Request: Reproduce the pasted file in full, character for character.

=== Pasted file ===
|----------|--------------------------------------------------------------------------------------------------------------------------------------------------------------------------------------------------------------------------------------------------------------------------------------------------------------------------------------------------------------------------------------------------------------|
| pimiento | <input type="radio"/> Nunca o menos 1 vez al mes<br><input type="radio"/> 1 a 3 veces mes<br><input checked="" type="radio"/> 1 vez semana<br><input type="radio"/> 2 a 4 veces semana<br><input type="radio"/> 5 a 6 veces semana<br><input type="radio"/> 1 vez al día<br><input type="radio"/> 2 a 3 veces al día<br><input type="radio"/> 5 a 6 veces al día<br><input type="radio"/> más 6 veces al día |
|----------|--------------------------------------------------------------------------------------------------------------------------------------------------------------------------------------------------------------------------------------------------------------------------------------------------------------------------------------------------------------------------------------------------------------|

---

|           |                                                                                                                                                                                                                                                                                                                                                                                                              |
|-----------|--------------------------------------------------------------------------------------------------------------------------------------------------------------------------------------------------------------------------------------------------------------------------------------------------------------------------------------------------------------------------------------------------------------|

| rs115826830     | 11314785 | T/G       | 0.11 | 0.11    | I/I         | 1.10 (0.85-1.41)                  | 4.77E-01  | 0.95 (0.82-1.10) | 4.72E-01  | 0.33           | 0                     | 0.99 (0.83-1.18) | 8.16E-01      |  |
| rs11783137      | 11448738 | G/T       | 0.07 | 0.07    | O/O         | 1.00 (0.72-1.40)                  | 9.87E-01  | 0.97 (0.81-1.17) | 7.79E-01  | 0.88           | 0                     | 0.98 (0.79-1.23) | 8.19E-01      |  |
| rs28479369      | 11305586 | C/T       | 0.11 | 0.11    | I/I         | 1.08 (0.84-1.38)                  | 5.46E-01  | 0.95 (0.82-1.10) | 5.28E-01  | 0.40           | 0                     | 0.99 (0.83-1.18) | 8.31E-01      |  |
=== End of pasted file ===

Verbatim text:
|----------|--------------------------------------------------------------------------------------------------------------------------------------------------------------------------------------------------------------------------------------------------------------------------------------------------------------------------------------------------------------------------------------------------------------|
| pimiento | <input type="radio"/> Nunca o menos 1 vez al mes<br><input type="radio"/> 1 a 3 veces mes<br><input checked="" type="radio"/> 1 vez semana<br><input type="radio"/> 2 a 4 veces semana<br><input type="radio"/> 5 a 6 veces semana<br><input type="radio"/> 1 vez al día<br><input type="radio"/> 2 a 3 veces al día<br><input type="radio"/> 5 a 6 veces al día<br><input type="radio"/> más 6 veces al día |
|----------|--------------------------------------------------------------------------------------------------------------------------------------------------------------------------------------------------------------------------------------------------------------------------------------------------------------------------------------------------------------------------------------------------------------|

---

|           |                                                                                                                                                                                                                                                                                                                                                                                                              |
|-----------|--------------------------------------------------------------------------------------------------------------------------------------------------------------------------------------------------------------------------------------------------------------------------------------------------------------------------------------------------------------------------------------------------------------|

| rs115826830     | 11314785 | T/G       | 0.11 | 0.11    | I/I         | 1.10 (0.85-1.41)                  | 4.77E-01  | 0.95 (0.82-1.10) | 4.72E-01  | 0.33           | 0                     | 0.99 (0.83-1.18) | 8.16E-01      |  |
| rs11783137      | 11448738 | G/T       | 0.07 | 0.07    | O/O         | 1.00 (0.72-1.40)                  | 9.87E-01  | 0.97 (0.81-1.17) | 7.79E-01  | 0.88           | 0                     | 0.98 (0.79-1.23) | 8.19E-01      |  |
| rs28479369      | 11305586 | C/T       | 0.11 | 0.11    | I/I         | 1.08 (0.84-1.38)                  | 5.46E-01  | 0.95 (0.82-1.10) | 5.28E-01  | 0.40           | 0                     | 0.99 (0.83-1.18) | 8.31E-01      |  |